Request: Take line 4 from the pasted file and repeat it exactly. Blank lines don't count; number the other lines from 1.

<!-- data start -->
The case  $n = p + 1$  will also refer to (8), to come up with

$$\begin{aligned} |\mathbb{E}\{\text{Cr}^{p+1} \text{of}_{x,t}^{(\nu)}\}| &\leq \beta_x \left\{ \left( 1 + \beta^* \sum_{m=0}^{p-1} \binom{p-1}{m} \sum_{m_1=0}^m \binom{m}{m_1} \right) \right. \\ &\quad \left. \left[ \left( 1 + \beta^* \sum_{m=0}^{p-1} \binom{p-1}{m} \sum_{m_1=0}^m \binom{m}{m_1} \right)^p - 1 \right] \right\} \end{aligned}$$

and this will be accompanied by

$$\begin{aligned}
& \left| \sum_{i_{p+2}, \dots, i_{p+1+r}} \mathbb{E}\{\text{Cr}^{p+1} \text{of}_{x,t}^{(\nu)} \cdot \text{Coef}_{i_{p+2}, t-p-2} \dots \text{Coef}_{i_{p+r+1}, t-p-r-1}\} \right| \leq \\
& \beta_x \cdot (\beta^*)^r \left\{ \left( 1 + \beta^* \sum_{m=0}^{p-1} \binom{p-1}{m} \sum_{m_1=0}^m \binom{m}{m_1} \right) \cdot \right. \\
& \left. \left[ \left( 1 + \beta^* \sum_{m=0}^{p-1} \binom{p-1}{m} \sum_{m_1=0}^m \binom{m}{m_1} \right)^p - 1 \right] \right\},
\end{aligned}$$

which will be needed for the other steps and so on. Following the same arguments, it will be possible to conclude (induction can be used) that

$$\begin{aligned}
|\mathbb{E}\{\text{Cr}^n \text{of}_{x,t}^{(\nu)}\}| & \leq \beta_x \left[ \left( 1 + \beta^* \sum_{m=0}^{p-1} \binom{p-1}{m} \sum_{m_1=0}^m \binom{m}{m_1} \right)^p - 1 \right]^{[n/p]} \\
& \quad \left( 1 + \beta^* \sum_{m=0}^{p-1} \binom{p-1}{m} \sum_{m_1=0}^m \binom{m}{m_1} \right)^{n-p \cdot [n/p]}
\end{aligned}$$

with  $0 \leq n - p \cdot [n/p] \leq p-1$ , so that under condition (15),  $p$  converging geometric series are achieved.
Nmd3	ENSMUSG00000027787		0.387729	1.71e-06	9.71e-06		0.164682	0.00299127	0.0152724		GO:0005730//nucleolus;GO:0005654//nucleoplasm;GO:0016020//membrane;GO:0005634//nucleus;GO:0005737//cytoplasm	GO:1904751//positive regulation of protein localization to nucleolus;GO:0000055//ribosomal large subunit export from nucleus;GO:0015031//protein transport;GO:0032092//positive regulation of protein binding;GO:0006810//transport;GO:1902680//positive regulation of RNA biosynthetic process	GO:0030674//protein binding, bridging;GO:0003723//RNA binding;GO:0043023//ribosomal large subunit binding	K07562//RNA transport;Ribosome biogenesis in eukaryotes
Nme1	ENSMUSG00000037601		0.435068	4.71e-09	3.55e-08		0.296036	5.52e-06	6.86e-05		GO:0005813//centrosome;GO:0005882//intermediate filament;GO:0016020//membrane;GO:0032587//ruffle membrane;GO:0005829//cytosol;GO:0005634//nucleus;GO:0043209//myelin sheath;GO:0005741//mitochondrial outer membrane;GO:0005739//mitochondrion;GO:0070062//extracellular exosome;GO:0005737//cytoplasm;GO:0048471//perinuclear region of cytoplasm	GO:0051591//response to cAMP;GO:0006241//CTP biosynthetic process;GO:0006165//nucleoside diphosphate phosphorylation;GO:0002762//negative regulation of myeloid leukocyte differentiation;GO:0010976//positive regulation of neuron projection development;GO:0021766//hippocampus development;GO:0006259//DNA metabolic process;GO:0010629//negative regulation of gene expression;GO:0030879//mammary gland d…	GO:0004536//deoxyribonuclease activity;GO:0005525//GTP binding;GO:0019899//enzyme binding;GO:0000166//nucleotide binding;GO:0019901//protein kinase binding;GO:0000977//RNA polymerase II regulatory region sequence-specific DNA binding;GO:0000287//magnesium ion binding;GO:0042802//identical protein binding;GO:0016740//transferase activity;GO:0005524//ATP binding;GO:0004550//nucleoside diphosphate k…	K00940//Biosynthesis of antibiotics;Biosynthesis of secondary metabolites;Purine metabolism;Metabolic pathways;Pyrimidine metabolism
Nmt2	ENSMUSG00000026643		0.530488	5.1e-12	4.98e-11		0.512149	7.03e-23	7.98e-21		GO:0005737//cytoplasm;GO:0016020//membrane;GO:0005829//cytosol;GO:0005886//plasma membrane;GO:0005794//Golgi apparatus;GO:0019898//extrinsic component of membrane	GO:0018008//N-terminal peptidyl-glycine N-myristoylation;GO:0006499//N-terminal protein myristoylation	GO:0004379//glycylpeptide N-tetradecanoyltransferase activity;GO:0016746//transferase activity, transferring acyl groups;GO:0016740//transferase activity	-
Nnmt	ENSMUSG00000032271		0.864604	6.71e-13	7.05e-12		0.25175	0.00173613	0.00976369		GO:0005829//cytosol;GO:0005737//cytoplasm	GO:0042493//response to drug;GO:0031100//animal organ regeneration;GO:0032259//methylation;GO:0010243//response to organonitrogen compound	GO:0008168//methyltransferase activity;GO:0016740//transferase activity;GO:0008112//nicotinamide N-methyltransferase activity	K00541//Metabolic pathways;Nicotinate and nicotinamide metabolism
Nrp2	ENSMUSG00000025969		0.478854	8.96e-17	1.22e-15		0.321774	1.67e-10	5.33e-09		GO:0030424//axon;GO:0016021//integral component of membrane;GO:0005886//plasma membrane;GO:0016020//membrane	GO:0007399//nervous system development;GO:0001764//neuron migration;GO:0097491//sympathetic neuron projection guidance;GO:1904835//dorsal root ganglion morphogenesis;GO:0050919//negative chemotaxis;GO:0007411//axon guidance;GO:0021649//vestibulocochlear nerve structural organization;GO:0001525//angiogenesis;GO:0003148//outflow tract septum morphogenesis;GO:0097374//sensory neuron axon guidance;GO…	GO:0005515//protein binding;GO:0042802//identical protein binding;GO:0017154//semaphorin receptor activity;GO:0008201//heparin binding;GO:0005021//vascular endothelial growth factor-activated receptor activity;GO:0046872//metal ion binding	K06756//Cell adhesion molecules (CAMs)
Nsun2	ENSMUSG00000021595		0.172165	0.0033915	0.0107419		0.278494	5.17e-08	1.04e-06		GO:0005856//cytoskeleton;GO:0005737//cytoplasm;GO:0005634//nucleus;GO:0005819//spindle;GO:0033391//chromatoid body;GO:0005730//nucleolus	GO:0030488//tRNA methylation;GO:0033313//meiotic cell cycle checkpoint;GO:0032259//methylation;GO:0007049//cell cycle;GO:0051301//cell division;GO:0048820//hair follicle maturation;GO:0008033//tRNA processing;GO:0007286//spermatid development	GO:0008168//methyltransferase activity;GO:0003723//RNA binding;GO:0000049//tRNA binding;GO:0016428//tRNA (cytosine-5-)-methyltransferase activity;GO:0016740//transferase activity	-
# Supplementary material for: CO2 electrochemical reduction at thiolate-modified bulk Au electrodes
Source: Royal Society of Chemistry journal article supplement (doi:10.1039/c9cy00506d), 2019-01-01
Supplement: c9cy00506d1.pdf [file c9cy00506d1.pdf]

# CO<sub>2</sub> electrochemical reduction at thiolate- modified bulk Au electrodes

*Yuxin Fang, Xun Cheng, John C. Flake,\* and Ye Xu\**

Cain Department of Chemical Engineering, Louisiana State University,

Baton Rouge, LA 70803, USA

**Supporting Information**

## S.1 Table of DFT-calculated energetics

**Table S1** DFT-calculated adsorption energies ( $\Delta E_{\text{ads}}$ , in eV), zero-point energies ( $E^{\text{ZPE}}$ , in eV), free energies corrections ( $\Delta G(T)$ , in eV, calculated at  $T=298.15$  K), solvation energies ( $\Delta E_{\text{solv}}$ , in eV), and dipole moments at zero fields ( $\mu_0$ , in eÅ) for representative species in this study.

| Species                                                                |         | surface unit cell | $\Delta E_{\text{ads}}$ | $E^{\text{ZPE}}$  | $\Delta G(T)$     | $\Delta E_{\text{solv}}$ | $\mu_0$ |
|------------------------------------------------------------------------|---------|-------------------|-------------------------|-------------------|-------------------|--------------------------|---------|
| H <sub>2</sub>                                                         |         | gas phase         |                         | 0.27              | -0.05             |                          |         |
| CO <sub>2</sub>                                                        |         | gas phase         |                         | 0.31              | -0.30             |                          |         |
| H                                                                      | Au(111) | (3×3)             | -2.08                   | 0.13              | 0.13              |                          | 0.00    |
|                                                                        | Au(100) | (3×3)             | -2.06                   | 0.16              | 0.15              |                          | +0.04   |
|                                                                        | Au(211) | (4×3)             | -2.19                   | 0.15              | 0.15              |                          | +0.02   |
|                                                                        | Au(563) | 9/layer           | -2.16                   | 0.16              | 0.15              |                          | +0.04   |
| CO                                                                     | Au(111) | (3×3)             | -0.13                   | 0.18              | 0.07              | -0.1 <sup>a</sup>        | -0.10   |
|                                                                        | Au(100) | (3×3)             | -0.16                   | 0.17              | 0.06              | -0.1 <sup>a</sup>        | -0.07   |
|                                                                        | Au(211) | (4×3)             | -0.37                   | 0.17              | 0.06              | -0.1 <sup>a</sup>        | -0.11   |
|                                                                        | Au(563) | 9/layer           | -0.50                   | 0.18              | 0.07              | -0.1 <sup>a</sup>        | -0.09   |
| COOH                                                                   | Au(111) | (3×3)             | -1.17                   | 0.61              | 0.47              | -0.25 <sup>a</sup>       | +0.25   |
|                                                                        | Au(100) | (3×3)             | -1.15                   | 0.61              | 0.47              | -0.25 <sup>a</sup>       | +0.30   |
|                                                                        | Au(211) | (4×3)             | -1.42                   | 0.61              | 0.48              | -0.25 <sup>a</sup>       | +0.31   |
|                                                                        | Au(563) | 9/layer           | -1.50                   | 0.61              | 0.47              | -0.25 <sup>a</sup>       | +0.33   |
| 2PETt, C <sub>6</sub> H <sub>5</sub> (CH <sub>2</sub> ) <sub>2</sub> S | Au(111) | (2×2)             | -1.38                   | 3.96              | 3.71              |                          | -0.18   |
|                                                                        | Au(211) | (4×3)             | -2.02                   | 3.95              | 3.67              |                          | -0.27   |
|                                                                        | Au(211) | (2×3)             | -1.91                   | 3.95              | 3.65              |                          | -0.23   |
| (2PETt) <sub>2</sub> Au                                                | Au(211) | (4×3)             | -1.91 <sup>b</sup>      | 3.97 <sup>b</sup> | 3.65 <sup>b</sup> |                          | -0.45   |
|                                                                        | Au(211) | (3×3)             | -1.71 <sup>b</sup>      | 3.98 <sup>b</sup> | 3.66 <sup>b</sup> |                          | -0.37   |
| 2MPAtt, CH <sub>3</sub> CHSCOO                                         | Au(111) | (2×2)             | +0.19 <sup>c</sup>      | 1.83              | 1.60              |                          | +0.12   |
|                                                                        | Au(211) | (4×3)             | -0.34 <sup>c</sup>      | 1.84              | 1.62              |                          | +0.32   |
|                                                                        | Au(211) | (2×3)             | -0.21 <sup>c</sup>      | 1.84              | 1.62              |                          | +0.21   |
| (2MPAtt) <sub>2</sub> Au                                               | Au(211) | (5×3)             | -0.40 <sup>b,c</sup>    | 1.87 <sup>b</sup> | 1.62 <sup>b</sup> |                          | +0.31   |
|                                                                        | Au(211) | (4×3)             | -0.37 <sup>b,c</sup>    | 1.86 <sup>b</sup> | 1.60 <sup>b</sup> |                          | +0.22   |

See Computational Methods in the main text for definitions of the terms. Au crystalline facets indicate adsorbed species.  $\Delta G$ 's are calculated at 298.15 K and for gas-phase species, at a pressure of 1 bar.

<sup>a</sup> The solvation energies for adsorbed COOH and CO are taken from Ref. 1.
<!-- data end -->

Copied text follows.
$$\begin{aligned}